Bill Text - HB593 (2009)

Authorizing the licensing and construction of destination resorts with gaming facilities including table gaming and video lottery machines, and authorizing gaming facilities at existing pari-mutuel licensees, including table gaming and video machines.


Revision: Feb. 19, 2009, midnight

HB 593-FN-A - AS INTRODUCED

2009 SESSION

09-0238

08/04

HOUSE BILL 593-FN-A

AN ACT authorizing the licensing and construction of destination resorts with gaming facilities including table gaming and video lottery machines, and authorizing gaming facilities at existing pari-mutuel licensees, including table gaming and video machines.

SPONSORS: Rep. Emiro, Rock 3; Rep. R. Holden, Hills 7

COMMITTEE: Local and Regulated Revenues

ANALYSIS

This bill:

I. Allows the construction of 2 destination resorts in the northern tier of the state and 1 destination resort in the southern tier of the state.

II. Allows table gaming and video lottery machines at destination resorts and pari-mutuel licensees.

III. Establishes the position of executive director of gaming facilities in the lottery commission.

IV. Establishes a bidding and licensing process for awarding gaming licenses.

V. Distributes proceeds from gaming facilities to the general fund, to the municipality where the gaming facility is located, to the alcohol and drug abuse treatment program, the department of resources and economic development, the department of transportation, and the gaming operator.

- - - - - - - - - - - - - - - - - - - - - - - - - - - - - - - - - - - - - - - - - - - - - - - - - - - - - - - - - - - - - - - - - - - - - - - - - - - -

Explanation: Matter added to current law appears in bold italics.

Matter removed from current law appears [in brackets and struckthrough.]

Matter which is either (a) all new or (b) repealed and reenacted appears in regular type.

09-0238 08/04

STATE OF NEW HAMPSHIRE

In the Year of Our Lord Two Thousand Nine

AN ACT authorizing the licensing and construction of destination resorts with gaming facilities including table gaming and video lottery machines, and authorizing gaming facilities at existing pari-mutuel licensees, including table gaming and video machines.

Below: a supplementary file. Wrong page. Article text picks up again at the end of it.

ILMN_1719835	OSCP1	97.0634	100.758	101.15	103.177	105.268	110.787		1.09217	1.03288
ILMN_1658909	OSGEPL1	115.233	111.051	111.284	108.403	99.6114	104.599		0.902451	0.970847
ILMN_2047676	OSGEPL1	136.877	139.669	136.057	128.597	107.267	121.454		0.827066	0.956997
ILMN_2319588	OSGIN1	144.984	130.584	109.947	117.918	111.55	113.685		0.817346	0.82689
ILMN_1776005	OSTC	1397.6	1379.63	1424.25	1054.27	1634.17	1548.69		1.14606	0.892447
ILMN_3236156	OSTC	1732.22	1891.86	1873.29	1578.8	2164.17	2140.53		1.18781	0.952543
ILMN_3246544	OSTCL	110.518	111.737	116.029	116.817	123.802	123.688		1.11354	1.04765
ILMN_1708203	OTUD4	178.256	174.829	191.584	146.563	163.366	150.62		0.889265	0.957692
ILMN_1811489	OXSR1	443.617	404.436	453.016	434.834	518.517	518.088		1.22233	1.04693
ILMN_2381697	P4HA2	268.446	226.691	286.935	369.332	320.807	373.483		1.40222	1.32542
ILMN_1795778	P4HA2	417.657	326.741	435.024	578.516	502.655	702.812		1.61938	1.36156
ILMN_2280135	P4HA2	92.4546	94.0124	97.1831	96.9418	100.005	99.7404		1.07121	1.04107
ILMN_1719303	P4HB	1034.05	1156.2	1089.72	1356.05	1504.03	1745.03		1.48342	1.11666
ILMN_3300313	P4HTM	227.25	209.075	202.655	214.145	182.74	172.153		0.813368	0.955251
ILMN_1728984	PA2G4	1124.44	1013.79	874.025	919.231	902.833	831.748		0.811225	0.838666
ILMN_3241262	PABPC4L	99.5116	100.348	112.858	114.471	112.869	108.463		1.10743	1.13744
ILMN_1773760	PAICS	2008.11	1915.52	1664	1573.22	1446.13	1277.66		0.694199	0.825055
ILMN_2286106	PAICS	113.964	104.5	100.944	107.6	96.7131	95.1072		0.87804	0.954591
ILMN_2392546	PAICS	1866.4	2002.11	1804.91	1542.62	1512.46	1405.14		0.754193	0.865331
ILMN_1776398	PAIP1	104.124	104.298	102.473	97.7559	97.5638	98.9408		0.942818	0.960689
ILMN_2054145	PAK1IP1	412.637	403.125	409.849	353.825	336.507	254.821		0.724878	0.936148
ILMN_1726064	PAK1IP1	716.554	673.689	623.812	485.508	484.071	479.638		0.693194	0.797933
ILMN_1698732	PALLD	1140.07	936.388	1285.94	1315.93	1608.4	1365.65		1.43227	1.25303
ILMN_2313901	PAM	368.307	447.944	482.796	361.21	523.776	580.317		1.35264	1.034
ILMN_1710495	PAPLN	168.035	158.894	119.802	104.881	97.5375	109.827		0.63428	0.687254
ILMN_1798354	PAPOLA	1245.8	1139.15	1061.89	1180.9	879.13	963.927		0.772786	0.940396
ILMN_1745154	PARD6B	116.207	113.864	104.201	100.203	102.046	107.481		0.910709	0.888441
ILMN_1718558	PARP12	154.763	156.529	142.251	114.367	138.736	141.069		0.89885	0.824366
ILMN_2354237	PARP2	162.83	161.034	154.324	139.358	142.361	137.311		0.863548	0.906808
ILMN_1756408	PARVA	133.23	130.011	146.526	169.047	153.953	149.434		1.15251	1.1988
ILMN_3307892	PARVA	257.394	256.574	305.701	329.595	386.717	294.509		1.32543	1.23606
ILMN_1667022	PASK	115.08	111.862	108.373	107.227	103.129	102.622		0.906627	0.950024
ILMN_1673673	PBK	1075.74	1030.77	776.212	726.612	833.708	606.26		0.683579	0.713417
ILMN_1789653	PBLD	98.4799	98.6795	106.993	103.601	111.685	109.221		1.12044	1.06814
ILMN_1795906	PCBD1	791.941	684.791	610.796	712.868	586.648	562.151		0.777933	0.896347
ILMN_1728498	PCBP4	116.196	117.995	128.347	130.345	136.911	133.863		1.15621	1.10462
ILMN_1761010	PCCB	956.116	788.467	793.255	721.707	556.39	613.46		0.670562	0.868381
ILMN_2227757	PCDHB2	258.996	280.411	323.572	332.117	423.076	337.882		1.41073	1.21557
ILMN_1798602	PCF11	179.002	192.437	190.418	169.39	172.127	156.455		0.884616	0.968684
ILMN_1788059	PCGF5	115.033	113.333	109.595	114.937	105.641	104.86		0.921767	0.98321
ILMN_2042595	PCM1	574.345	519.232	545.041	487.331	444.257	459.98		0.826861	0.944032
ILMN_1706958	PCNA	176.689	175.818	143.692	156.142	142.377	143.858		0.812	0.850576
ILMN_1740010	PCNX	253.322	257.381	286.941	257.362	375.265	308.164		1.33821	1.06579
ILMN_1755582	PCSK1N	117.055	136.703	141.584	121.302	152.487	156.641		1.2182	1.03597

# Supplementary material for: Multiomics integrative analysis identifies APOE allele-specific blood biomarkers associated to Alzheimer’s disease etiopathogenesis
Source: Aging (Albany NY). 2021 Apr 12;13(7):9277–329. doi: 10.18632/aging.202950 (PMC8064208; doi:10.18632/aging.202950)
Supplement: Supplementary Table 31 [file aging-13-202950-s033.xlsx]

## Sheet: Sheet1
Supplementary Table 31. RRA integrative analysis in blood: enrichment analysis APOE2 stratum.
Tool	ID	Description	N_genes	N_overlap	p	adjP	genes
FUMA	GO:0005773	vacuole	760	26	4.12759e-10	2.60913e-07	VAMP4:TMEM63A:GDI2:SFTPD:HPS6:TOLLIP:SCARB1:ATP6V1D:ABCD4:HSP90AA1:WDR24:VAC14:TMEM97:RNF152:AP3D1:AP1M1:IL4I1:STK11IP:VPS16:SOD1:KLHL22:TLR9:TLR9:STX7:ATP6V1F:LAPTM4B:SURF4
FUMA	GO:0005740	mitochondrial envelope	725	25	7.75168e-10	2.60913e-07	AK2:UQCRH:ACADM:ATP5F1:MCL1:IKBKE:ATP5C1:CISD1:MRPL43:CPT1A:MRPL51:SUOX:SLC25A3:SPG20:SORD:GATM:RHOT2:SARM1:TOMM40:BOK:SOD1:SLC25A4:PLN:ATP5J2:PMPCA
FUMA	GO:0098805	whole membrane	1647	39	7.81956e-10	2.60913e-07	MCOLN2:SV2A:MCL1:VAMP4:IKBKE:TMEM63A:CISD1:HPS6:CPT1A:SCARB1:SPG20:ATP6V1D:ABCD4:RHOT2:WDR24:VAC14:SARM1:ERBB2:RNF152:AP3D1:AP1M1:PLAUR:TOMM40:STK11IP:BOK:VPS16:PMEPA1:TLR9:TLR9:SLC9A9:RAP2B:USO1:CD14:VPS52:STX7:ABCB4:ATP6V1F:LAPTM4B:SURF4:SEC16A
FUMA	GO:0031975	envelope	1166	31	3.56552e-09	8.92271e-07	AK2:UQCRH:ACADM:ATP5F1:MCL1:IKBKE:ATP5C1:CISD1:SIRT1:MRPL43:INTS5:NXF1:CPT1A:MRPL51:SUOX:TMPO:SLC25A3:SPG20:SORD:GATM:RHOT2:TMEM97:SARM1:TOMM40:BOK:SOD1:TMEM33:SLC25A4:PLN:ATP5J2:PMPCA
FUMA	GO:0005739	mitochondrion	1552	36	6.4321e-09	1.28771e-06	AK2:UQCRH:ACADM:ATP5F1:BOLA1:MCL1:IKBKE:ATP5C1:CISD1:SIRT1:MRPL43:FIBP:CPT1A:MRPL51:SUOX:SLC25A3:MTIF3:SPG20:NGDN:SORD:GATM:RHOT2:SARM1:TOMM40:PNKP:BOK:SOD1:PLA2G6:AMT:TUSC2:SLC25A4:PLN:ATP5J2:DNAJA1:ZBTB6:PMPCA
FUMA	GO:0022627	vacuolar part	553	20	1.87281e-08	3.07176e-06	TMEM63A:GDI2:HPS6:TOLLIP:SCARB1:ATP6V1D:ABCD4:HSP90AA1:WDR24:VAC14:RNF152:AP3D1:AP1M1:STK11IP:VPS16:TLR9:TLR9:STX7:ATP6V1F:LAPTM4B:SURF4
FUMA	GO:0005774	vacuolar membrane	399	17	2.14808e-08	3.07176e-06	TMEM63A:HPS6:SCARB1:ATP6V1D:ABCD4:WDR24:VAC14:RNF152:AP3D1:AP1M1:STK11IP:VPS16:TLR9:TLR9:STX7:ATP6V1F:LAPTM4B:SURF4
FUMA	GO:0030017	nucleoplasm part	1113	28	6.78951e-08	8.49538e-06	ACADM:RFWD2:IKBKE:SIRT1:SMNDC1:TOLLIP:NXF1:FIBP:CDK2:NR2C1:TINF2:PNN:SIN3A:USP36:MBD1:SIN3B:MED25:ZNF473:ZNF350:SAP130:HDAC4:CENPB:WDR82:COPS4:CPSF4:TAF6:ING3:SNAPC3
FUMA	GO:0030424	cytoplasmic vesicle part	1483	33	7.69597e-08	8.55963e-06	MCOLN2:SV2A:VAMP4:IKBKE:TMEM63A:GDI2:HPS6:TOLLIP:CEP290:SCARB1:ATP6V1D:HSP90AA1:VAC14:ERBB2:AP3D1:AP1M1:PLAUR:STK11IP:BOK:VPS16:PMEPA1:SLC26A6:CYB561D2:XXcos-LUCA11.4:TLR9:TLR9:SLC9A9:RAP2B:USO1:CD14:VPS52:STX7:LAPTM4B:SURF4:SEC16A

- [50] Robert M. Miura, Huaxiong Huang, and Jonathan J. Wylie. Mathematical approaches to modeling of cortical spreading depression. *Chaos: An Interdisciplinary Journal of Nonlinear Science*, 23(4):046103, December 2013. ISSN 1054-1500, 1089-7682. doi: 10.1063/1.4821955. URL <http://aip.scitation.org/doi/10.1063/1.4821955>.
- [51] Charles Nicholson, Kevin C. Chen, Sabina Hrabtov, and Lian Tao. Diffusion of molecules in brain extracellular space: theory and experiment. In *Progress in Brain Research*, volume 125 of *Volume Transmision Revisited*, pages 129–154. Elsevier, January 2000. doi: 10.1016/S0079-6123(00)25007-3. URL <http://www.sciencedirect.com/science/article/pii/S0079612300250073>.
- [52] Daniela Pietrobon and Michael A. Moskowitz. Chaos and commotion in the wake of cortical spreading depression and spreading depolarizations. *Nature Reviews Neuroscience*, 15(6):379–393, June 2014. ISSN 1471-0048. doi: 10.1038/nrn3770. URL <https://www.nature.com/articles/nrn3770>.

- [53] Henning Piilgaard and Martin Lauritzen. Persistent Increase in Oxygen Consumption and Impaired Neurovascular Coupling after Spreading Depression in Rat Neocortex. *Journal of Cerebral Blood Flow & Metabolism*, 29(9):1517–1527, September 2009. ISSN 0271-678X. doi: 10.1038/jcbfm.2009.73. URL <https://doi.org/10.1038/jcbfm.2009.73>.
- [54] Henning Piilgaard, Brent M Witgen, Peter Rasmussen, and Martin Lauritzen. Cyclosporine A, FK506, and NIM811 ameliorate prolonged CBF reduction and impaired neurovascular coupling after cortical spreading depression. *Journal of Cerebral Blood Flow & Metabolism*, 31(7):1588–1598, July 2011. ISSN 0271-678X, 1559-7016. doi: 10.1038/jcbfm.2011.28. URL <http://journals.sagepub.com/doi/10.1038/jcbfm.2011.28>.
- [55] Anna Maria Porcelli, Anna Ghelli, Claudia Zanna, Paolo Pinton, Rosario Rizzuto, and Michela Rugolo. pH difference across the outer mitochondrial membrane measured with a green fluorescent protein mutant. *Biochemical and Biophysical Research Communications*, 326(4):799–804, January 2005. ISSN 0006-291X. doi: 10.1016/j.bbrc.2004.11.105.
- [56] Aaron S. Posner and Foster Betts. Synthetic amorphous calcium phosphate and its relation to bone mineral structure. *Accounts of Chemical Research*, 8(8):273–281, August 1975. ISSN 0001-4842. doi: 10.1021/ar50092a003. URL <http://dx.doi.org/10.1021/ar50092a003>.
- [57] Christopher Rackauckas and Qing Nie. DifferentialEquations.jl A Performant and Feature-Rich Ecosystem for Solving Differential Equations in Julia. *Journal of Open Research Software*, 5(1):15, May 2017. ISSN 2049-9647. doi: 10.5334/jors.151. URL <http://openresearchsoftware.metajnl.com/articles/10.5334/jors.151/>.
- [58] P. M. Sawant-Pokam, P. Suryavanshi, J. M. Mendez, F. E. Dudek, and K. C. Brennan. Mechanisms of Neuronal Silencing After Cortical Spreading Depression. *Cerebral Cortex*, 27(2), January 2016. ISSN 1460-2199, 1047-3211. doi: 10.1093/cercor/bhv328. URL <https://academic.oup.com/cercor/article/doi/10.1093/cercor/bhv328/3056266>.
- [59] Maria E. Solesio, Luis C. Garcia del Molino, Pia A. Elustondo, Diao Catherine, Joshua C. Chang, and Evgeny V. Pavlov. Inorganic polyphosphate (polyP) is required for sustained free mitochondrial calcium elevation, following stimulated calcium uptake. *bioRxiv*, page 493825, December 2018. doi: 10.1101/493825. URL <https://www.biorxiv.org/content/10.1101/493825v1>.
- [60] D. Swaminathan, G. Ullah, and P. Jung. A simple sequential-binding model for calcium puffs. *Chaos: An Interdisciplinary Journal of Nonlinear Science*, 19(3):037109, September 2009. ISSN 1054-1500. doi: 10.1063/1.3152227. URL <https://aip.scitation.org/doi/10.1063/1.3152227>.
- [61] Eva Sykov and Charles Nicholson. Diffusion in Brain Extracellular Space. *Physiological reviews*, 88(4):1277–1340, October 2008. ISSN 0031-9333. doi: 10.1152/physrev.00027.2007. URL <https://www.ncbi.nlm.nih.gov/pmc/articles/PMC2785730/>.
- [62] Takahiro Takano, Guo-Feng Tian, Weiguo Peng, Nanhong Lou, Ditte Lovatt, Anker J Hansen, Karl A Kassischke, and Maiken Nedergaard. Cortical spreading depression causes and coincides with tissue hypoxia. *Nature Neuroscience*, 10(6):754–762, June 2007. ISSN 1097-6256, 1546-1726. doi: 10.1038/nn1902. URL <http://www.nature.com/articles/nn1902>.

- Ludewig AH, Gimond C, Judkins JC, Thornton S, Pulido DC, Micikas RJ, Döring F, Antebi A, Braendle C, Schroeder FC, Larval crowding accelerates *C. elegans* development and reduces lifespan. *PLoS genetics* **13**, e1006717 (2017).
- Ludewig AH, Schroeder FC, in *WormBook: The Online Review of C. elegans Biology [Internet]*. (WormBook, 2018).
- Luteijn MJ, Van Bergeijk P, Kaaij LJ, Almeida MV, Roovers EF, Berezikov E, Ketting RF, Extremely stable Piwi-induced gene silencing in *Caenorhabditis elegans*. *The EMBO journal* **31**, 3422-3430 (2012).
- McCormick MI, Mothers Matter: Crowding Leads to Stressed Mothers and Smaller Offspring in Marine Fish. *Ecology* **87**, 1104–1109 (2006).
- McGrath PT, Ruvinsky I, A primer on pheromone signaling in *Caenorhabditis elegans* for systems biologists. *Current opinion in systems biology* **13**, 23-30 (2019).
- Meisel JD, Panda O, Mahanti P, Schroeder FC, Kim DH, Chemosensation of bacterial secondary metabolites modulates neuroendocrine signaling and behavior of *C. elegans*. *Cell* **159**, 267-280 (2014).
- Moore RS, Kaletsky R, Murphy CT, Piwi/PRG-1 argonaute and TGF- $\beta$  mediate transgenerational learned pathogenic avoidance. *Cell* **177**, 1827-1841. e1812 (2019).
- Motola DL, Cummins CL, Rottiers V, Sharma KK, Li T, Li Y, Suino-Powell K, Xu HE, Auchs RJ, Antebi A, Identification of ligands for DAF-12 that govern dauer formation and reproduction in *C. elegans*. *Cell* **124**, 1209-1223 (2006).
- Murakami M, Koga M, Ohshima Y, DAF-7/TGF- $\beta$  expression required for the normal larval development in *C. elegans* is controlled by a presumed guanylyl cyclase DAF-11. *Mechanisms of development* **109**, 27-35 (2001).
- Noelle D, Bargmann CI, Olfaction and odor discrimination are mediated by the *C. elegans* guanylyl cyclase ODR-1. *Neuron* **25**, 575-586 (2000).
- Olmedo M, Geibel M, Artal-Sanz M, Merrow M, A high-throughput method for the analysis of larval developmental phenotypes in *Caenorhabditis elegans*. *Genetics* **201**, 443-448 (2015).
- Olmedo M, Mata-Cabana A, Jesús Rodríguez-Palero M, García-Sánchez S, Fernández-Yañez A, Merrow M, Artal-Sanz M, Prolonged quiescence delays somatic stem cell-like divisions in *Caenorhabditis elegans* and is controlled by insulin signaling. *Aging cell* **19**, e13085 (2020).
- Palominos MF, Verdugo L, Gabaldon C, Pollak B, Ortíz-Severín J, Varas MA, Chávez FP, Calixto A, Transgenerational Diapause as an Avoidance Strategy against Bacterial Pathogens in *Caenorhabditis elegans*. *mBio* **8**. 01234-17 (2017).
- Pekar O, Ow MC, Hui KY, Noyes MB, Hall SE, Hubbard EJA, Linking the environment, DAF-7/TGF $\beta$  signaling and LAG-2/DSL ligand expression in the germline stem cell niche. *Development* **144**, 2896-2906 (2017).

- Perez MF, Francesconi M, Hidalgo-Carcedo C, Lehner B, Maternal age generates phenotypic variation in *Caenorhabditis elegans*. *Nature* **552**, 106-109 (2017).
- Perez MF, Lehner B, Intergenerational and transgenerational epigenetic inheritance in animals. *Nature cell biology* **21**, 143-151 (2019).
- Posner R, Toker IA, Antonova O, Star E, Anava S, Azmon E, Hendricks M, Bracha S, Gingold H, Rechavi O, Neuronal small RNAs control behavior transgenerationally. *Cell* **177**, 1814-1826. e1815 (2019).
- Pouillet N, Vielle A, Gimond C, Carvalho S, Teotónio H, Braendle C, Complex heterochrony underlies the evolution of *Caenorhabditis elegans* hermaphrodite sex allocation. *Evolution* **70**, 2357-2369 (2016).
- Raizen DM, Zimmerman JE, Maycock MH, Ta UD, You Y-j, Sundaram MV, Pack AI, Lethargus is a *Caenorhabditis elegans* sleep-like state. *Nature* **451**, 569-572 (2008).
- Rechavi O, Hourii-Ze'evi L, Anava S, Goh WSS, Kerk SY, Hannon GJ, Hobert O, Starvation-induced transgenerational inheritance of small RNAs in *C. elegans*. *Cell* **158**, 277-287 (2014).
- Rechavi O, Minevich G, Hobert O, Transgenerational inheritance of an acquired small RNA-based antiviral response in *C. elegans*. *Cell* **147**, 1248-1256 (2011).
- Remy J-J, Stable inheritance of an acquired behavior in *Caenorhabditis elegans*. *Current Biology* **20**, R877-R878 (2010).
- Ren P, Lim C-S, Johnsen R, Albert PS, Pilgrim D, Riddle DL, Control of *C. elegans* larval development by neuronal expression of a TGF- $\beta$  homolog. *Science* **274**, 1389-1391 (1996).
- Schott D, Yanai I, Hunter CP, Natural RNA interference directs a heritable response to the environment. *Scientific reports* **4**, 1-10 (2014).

Be it Enacted by the Senate and House of Representatives in General Court convened:

1 Purpose Statement. The General Court finds that for economic purposes the permitting of destination resorts and convention centers that include full gaming facilities in addition to video lottery terminals at the current licensed race tracks, would provide a much-needed economic boost to the areas surrounding the host community in addition to new revenue sources to the state, providing jobs, increasing income for local businesses, and increasing room and meals revenue.

2 New Chapter; New Hampshire Gaming Facilities. Amend RSA by inserting after chapter 284 the following new chapter:

CHAPTER 284-A

NEW HAMPSHIRE GAMING FACILITIES

284-A:1 Definitions. In this chapter:

I. “Applicant” means a person who has applied for a gaming license, a gaming work permit, or approval of any act or transaction pursuant to this chapter.

II. “Commission” means the state lottery commission established in RSA 284:21-a.

III. “Destination resort” means a new development which is issued a gaming license in accordance with this chapter. The destination resort shall include new hotel rooms, restaurants, entertainment facilities, and convention and meeting space which may provide support to businesses in the surrounding region.

IV. “Executive director” means the executive director hired by the commission under RSA 284-A:4.

V. “Gaming” means the dealing, operating, conducting, maintaining, or exposing for money any table game or any video lottery machine as defined, but excluding:

(a) Charitable bingo.

(b) Charitable gaming.

(c) Wagering on horse and dog races.

(d) Lottery games conducted by the state lottery commission.

VI. “Gaming area” is an area where table games, video slot machines or other methods or gambling are done as a general course of business.

VII. “Gaming device” means any mechanical or electrical contrivance or machine used in connection with gambling, gaming, or any game.

VIII. “Gaming employee” means any person employed at a gaming facility, empowered to extend credit or complimentary service.

IX. “Gaming facility” means those places where licensed gambling or gaming occurs as a course of legal business.

X. “Gaming license” means a license issued by the commission under authority of this chapter which authorizes a person to operate a gaming facility in the state.

XI. “Gaming licensee means any person who is issued a valid gaming license under this chapter.

XII. “Gaming operator” means the person who controls, directly or indirectly, the applicant or licensee who will operate the gaming facility.

XIII. “Gaming work permit” means a permit issued by the commission which authorizes the employment of the holder as a gaming employee at a facility licensed for gaming.

XIV. “Gross gaming revenues” means the total of all sums actually received by a gambling facility from gaming operations, less the total of all sums paid out as winnings to patrons.

XV. “Hearing examiner” means a commissioner or other person authorized by the commission to conduct investigative hearings.

XVI. “House profits” means gross revenues from the gambling facility in their entirety, less operating and administrative expenses and bond payments.

XVII. “Northern tier” means municipalities north of Concord and west of Peterborough.

XVIII. “Pari-mutuel licensee” means an existing facility licensed by the racing and charitable gaming commission and currently in operation as a betting facility wagering on horse or dog racing which may be issued a license to have video lottery machines at the existing facility in accordance with this chapter.